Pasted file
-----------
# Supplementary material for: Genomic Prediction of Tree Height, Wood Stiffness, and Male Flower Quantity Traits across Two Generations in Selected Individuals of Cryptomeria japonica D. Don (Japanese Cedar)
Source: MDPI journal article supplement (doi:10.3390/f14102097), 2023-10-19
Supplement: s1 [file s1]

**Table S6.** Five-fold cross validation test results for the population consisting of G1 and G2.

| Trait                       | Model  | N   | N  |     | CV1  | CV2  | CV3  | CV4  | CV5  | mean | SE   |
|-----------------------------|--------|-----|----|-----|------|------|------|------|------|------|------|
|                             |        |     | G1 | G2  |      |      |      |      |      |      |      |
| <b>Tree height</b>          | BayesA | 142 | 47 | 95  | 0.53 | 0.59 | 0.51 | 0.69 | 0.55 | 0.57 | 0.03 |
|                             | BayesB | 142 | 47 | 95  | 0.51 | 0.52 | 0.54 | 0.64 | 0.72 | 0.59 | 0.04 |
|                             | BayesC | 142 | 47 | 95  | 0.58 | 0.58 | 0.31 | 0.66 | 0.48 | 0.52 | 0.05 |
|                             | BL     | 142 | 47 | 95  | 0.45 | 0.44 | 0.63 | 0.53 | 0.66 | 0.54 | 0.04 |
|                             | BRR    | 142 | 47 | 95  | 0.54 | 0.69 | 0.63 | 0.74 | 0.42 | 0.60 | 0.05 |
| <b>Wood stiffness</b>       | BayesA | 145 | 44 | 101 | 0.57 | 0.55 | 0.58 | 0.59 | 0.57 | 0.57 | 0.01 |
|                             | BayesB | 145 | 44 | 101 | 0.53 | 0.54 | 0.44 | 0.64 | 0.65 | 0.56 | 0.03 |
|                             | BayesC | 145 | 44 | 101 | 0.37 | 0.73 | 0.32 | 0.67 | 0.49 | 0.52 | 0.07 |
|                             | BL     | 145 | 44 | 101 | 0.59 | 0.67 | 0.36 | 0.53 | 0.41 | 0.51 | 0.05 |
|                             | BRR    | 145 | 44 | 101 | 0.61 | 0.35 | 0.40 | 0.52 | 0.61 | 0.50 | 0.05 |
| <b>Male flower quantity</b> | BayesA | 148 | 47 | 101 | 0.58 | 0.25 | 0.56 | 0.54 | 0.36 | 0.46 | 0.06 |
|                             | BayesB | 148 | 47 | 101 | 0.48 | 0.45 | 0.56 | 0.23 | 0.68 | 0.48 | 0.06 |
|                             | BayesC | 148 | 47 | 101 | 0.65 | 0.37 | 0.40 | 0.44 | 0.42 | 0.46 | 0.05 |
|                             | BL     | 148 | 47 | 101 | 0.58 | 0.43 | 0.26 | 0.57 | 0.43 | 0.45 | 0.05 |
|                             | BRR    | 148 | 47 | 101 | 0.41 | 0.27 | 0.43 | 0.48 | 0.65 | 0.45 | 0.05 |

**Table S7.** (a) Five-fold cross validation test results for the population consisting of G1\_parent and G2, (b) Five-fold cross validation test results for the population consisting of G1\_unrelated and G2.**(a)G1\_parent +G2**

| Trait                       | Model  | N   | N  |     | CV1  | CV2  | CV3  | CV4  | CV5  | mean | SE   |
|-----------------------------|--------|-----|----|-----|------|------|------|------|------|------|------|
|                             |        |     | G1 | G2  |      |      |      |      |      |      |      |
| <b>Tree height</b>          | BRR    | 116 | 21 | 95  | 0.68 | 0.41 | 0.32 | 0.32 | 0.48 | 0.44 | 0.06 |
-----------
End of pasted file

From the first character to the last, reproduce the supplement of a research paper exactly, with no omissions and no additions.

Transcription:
# Supplementary material for: Genomic Prediction of Tree Height, Wood Stiffness, and Male Flower Quantity Traits across Two Generations in Selected Individuals of Cryptomeria japonica D. Don (Japanese Cedar)
Source: MDPI journal article supplement (doi:10.3390/f14102097), 2023-10-19
Supplement: s1 [file s1]

**Table S6.** Five-fold cross validation test results for the population consisting of G1 and G2.

| Trait                       | Model  | N   | N  |     | CV1  | CV2  | CV3  | CV4  | CV5  | mean | SE   |
|-----------------------------|--------|-----|----|-----|------|------|------|------|------|------|------|
|                             |        |     | G1 | G2  |      |      |      |      |      |      |      |
| <b>Tree height</b>          | BayesA | 142 | 47 | 95  | 0.53 | 0.59 | 0.51 | 0.69 | 0.55 | 0.57 | 0.03 |
|                             | BayesB | 142 | 47 | 95  | 0.51 | 0.52 | 0.54 | 0.64 | 0.72 | 0.59 | 0.04 |
|                             | BayesC | 142 | 47 | 95  | 0.58 | 0.58 | 0.31 | 0.66 | 0.48 | 0.52 | 0.05 |
|                             | BL     | 142 | 47 | 95  | 0.45 | 0.44 | 0.63 | 0.53 | 0.66 | 0.54 | 0.04 |
|                             | BRR    | 142 | 47 | 95  | 0.54 | 0.69 | 0.63 | 0.74 | 0.42 | 0.60 | 0.05 |
| <b>Wood stiffness</b>       | BayesA | 145 | 44 | 101 | 0.57 | 0.55 | 0.58 | 0.59 | 0.57 | 0.57 | 0.01 |
|                             | BayesB | 145 | 44 | 101 | 0.53 | 0.54 | 0.44 | 0.64 | 0.65 | 0.56 | 0.03 |
|                             | BayesC | 145 | 44 | 101 | 0.37 | 0.73 | 0.32 | 0.67 | 0.49 | 0.52 | 0.07 |
|                             | BL     | 145 | 44 | 101 | 0.59 | 0.67 | 0.36 | 0.53 | 0.41 | 0.51 | 0.05 |
|                             | BRR    | 145 | 44 | 101 | 0.61 | 0.35 | 0.40 | 0.52 | 0.61 | 0.50 | 0.05 |
| <b>Male flower quantity</b> | BayesA | 148 | 47 | 101 | 0.58 | 0.25 | 0.56 | 0.54 | 0.36 | 0.46 | 0.06 |
|                             | BayesB | 148 | 47 | 101 | 0.48 | 0.45 | 0.56 | 0.23 | 0.68 | 0.48 | 0.06 |
|                             | BayesC | 148 | 47 | 101 | 0.65 | 0.37 | 0.40 | 0.44 | 0.42 | 0.46 | 0.05 |
|                             | BL     | 148 | 47 | 101 | 0.58 | 0.43 | 0.26 | 0.57 | 0.43 | 0.45 | 0.05 |
|                             | BRR    | 148 | 47 | 101 | 0.41 | 0.27 | 0.43 | 0.48 | 0.65 | 0.45 | 0.05 |

**Table S7.** (a) Five-fold cross validation test results for the population consisting of G1\_parent and G2, (b) Five-fold cross validation test results for the population consisting of G1\_unrelated and G2.**(a)G1\_parent +G2**

| Trait                       | Model  | N   | N  |     | CV1  | CV2  | CV3  | CV4  | CV5  | mean | SE   |
|-----------------------------|--------|-----|----|-----|------|------|------|------|------|------|------|
|                             |        |     | G1 | G2  |      |      |      |      |      |      |      |
| <b>Tree height</b>          | BRR    | 116 | 21 | 95  | 0.68 | 0.41 | 0.32 | 0.32 | 0.48 | 0.44 | 0.06 |